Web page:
The son of a stonemason, he derived a love of music from his father and a devotion to literature from his mother. Hardy could not afford to pursue a scholarly career as he wished and was apprenticed to John Hicks, a local church architect. He continued, however, to study the Greek and Latin classics. From 1862 to 1867 he served as assistant to Arthur Blomfield, a London architect; ill health forced him to return to Dorset, where he worked for Hicks and his successor until 1874.
Despite his employment, Hardy was writing continually during this period of his life. Such early novels as
Over the next 22 years Hardy wrote many novels, including those he referred to as “romances and fantasies”—most of which were first serialized in popular magazines. His major works are
Hardy's novels are all set against the bleak and forbidding Dorset landscape (referred to as Wessex in the novels), whose physical harshness echoes that of an indifferent, if not malevolent, universe. The author's characters, who are for the most part of the poorer rural classes, are sympathetically and often humorously portrayed. Their lives are ruled not only by nature but also by rigid Victorian social conventions. Hardy's style is accordingly roughhewn, sometimes awkward, but always commanding and intense.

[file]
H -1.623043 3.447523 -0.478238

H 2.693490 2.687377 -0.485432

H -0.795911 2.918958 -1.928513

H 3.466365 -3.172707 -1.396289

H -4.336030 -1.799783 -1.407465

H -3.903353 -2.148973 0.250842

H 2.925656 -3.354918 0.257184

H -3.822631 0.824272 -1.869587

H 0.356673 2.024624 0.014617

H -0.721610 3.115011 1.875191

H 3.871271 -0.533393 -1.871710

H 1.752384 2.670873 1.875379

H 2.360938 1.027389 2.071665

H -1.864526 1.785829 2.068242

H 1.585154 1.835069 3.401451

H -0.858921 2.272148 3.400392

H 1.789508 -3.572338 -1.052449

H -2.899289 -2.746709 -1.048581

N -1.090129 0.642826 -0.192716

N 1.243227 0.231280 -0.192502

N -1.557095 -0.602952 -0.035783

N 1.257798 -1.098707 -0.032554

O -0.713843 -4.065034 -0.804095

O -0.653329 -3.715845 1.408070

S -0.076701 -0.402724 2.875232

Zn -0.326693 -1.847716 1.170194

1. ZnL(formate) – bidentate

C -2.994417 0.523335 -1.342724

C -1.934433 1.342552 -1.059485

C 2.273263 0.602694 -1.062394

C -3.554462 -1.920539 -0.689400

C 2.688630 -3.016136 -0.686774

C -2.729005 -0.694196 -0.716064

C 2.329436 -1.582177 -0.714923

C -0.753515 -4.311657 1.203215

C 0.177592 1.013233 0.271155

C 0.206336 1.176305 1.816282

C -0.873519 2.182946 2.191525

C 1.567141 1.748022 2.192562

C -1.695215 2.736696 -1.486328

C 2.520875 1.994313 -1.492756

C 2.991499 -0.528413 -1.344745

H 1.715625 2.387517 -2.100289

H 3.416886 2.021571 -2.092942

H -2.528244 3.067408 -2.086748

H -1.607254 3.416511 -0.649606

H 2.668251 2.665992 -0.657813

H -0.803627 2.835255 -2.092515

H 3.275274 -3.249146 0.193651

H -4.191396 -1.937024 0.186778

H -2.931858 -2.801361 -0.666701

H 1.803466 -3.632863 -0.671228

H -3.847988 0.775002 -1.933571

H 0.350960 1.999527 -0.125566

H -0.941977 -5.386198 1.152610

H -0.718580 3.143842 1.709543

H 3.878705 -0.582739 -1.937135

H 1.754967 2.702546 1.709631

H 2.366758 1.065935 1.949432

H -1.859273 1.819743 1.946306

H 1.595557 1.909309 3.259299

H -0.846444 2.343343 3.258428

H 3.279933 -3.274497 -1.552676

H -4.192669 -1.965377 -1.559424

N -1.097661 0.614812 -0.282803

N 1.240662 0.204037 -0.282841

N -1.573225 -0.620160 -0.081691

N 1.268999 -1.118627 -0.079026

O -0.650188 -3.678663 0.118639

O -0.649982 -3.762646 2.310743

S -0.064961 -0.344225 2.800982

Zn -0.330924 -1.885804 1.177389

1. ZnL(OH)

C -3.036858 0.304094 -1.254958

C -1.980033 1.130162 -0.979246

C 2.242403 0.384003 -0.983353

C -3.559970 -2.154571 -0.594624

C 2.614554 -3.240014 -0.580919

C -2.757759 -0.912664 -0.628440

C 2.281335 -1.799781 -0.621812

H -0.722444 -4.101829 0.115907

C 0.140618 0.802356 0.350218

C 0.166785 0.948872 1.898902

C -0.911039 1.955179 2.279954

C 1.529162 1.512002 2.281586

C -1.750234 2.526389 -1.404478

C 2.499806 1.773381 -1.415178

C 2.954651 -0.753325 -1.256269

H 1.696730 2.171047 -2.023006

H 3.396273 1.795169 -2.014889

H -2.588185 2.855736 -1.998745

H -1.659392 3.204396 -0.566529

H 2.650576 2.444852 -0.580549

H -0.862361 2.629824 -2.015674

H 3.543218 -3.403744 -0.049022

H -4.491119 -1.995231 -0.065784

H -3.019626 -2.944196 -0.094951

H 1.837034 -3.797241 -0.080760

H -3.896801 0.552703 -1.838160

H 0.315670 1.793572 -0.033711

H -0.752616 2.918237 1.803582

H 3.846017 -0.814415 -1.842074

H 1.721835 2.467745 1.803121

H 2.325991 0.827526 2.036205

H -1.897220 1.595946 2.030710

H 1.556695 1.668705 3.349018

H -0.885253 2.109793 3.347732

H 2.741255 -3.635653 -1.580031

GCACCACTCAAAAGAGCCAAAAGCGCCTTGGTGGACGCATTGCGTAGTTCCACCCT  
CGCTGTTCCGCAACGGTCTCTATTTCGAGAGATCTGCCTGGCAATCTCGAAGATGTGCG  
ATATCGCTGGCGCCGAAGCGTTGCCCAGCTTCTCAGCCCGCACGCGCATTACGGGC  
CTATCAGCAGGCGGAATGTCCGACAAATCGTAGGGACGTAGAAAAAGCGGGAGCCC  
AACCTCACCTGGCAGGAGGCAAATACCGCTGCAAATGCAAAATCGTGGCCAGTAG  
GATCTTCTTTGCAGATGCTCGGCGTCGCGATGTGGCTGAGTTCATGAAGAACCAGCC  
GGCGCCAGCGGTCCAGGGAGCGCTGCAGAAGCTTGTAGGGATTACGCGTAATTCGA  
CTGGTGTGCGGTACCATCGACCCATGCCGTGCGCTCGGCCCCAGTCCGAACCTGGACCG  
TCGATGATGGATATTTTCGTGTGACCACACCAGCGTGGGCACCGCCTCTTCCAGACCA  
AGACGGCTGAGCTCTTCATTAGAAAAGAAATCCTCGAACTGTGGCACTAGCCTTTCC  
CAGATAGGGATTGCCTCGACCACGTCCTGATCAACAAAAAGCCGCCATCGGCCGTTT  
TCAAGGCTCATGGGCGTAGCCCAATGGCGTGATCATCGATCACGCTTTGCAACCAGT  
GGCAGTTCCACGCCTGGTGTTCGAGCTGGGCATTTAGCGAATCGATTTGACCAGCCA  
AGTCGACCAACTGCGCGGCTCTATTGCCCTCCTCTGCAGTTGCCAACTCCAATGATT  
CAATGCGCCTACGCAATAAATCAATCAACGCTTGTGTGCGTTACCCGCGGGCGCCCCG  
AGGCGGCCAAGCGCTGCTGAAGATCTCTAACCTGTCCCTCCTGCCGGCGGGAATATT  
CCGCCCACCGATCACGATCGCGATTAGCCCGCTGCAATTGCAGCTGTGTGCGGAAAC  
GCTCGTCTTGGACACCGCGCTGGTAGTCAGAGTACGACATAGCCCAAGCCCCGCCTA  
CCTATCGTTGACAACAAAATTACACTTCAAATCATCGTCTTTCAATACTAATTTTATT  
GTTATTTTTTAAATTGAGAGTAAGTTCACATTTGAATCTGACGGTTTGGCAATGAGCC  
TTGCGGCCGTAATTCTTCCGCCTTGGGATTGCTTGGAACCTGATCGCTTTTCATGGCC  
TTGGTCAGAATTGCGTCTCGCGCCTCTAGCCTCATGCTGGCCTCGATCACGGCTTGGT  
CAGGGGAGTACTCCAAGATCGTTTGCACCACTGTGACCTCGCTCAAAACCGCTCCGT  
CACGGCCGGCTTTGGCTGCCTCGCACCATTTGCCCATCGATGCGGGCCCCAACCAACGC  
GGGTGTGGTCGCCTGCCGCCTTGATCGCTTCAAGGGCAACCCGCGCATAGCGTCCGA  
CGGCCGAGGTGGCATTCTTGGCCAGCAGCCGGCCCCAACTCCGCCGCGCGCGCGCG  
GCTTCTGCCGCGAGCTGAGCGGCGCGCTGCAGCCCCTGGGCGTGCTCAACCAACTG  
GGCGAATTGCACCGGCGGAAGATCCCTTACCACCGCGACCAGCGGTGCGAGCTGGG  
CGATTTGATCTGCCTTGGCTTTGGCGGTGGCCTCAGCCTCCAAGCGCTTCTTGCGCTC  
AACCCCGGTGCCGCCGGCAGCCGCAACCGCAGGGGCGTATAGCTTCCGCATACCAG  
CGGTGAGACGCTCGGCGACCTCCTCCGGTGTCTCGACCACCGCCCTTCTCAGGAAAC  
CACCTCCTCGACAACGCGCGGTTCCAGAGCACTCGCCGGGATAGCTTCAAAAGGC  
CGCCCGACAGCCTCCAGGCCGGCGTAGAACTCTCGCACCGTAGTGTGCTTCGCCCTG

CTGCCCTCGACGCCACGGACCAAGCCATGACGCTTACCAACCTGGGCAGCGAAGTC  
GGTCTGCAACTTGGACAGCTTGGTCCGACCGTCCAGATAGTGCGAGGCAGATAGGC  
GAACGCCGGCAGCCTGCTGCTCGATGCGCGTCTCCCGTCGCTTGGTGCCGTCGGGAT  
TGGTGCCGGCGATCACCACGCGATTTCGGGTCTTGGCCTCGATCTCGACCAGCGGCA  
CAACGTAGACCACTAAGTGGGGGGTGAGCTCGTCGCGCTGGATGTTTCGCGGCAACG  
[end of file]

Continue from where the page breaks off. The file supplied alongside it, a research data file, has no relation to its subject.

Hardy had always written poetry and regarded the novel as an inferior genre. After
His poetry is spare, unadorned, and unromantic, and its pervasive theme is man's futile struggle against cosmic forces. His verse drama
Hardy's wife died in 1912, and in 1914 he married Florence Emily Dugdale, a children's book writer, some 40 years his junior. He spent the latter half of his life at Max Gate, a house built after his own designs in his native Dorset, and died there. His ashes are interred in Westminster Abbey, but his heart is buried separately, with a certain dark propriety, near the Egdon Heath made famous by his novels.
See E. Hardy and F. B. Pinion, ed.,
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